will control this pest, but must be applied before the larvae being to chew the new foliage. Correct timing is essential. I prefer to cover the centre of each plant with a small section of soft, green, mosquito netting, prior to frond emergence. Tuck it loosely over the centre of the plant leaving room for the new fronds to gradually push it off as they mature. Covering with ting keeps plants free of larvae and once the fronds become hard they are immune to attack. If you are not prepared to go to this effort consider an alternative plant. Zamia furfuracea (a close relative of the cycad commonly known as the cardboard palm) is immune to attack from the cycad blue butterfly.

Lawn Grub
Everyone is being hit by lawn grub. Remember that lawn grub is not one insect but the name gardeners apply to a range of beetle and moth larvae that attack the roots and stems of grass. These insects have been busily laying eggs all during the drought. The eggs did not hatch because there was no grass for them to eat. Once the rain came multiple generations of these insects all hatched at once into grubs that attacked lawns. The lovely orange wasps flying over the grass are now frantically trying to provide biological control by laying their eggs into the lawn grub larvae.

If your lawn is already brown, there is no point spraying. The damage has been done and the insects will have moved on. The chemical sprays used for lawn grub are toxic. If you choose to spray a 'still green' lawn remember that you will kill not only the grubs, but also beneficial organisms including earth worms. You should also be aware of keeping children and pets off the lawn immediately after spraying.

The lawns were brown during the drought and recovered. It is now brown due to lawn grubs, but will recover. It is all part of nature's cycle.

              


Other articles of interest:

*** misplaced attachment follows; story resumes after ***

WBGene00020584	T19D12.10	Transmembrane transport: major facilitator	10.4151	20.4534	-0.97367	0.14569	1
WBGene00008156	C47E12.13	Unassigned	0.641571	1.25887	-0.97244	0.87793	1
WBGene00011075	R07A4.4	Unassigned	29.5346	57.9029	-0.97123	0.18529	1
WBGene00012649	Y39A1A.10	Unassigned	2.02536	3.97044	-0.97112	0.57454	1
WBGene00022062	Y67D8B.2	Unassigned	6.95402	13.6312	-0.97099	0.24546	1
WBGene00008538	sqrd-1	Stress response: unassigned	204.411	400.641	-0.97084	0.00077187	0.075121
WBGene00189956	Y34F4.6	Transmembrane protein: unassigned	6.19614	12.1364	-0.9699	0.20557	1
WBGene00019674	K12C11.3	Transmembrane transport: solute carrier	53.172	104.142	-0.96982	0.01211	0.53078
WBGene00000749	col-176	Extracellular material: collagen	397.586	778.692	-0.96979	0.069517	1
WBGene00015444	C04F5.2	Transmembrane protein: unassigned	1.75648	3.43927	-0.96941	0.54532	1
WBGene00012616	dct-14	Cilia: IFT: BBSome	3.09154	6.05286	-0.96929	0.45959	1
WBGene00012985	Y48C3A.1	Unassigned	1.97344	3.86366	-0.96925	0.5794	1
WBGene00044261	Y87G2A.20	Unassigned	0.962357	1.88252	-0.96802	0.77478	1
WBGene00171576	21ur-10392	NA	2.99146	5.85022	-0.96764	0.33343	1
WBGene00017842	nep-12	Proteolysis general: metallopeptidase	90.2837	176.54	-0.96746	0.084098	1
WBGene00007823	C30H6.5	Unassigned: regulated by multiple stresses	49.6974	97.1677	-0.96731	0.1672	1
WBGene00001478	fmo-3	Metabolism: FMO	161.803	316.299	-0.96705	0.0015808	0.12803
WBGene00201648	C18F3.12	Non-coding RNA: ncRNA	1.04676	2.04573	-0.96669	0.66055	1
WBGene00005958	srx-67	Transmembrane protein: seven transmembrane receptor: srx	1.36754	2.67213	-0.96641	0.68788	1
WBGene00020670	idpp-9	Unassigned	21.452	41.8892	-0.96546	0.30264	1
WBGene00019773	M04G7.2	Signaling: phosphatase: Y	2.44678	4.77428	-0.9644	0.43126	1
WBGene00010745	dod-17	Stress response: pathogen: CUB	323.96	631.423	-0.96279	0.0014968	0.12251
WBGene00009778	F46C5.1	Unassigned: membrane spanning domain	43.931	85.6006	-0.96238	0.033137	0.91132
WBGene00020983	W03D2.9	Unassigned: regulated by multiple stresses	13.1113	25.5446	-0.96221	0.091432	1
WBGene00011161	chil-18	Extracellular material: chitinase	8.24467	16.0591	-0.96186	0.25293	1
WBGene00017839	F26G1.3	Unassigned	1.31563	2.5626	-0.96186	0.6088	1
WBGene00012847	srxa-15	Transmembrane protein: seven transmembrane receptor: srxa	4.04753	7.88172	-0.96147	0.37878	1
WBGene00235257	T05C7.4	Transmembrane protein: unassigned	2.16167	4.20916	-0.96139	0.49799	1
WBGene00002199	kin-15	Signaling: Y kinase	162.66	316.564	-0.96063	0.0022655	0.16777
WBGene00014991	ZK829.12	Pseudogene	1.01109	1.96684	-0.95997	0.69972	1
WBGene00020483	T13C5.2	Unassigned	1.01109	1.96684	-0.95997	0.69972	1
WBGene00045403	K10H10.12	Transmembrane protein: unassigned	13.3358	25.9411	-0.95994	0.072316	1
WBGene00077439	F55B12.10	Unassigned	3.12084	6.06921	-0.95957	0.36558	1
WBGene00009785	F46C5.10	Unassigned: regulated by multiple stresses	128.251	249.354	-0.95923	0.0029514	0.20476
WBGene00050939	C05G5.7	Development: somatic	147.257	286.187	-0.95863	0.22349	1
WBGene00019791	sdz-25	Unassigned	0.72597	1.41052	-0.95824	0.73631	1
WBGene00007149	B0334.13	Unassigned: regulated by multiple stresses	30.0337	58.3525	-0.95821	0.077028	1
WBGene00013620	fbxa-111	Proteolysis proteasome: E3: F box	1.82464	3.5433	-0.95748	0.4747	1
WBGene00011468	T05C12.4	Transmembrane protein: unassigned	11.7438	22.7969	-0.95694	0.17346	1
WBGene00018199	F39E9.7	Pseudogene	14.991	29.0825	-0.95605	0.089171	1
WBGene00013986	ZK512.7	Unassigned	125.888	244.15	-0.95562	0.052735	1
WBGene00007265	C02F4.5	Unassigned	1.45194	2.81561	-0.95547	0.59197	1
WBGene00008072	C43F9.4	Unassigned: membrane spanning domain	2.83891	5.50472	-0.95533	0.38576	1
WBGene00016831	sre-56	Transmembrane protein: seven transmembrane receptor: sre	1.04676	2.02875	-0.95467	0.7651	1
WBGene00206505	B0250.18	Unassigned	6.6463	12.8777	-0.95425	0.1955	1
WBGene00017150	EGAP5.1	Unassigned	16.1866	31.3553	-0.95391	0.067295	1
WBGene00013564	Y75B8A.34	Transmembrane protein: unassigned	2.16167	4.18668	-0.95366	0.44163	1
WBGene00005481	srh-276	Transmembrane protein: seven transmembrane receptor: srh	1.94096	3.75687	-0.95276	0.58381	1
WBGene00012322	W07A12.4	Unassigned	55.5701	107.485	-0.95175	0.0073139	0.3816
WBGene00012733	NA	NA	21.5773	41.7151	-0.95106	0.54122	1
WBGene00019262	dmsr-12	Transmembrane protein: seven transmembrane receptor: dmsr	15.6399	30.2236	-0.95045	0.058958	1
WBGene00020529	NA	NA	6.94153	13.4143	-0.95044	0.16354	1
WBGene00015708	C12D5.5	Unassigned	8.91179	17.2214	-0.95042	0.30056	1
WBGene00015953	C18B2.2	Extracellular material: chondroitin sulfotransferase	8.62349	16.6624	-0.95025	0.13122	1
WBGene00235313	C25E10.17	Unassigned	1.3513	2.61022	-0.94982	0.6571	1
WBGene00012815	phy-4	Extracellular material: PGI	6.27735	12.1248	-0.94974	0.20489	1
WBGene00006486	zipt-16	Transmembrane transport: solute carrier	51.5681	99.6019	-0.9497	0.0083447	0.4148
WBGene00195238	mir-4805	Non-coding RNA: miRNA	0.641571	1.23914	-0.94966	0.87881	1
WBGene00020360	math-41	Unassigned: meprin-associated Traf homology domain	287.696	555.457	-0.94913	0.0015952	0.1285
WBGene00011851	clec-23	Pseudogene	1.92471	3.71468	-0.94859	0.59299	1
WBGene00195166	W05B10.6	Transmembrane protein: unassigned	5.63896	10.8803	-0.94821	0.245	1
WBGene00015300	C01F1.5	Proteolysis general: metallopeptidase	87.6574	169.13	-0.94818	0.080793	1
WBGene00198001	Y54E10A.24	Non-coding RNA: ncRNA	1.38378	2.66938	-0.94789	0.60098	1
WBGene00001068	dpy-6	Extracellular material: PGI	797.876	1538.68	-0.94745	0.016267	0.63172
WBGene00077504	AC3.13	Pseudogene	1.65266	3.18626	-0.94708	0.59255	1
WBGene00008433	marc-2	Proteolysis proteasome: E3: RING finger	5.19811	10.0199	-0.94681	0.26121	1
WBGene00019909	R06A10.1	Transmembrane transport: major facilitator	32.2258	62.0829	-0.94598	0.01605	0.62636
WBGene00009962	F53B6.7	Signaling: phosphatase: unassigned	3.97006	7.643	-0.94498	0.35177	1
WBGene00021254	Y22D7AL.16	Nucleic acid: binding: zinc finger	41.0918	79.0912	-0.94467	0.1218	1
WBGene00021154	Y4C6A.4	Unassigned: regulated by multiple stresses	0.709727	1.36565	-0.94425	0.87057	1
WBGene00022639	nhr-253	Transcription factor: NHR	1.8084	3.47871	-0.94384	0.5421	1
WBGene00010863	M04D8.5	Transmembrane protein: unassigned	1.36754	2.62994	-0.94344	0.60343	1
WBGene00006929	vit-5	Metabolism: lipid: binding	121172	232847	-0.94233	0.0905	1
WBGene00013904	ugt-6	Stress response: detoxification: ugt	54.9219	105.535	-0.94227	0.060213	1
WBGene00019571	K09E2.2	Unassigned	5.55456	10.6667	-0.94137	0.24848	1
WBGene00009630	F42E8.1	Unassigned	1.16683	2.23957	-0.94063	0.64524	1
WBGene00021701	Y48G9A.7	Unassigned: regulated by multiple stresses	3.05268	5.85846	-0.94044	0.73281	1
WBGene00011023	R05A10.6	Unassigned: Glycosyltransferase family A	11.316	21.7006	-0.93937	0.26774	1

Seed-saving:
When buying seeds look at
where and how the seed
is stored and packed....

 

Edible Ornamentals
My Top Ten:

 Kangkong (Ipomoea aquatica)
 is an aquatic plant popular
in Asian cuisine, in fact you
 have possibly eaten it
 unknowingly in vegetable
based dishes. If you have a
 pond or water feature you
 can grow kangkong....

Propagation Notes
Native Plants W/Shop Notes
Lawns W/Shop Notes
Citrus Guide
School Planting Guide
Soil pH Plant List
NEW FEATURE!
Ask A Question
 

Save Your Back
Increasingly popular with new gardeners is the no-dig or sheet mulch gardening technique.  In no-dig gardens, layers of organic material are built up on the top of the soil, rather than dug into it.  Lucerne is usually used as the main component of the no-dig garden, but you can mix in other high nitrogen materials such as grass clippings and sappy green prunings with animal manure and compost.  This will make the lucerne go further.  Straw, sugar cane or some other high carbon material is used as a mulch on top of the garden.  No dig gardens can be built on top of the soil or any surface, even concrete!

Ingredients:
To build a no-dig garden 2m x 3m you will need:
Four bales of lucerne
One barrow of compost
One barrow of manure
One bale of straw/cane straw
Wet newspaper

Method:
Slash or mow any existing lawn or weeds.  Water the area well and spread some gypsum if your soil is heavy clay.  Lay down a thick layer of wet newspaper, overlapping it well.  Alternate thin layers of the lucerne, compost and manure, watering as you go.  When you have a nice thick layer almost knee high and all your nitrogen materials have been used up, spread the straw/cane mulch over the top to form a mulch layer.

Leave for at least two weeks before planting, re-wetting if necessary. Covering the bed with plastic will ‘cook’ the layers and help them to break down more quickly.

To plant the no-dig garden create small pockets within the lucerne layer and fill with compost or potting mix.  Plant seeds or seedlings into the compost pockets, drawing the straw mulch layer back in around the plants.  Leafy crops such as silverbeet, spinach and lettuce grow well in no-dig gardens as do tomatoes, melons and pumpkins.  Avoid planting root crops in no-dig gardens for several seasons until a good depth of compost has accumulated.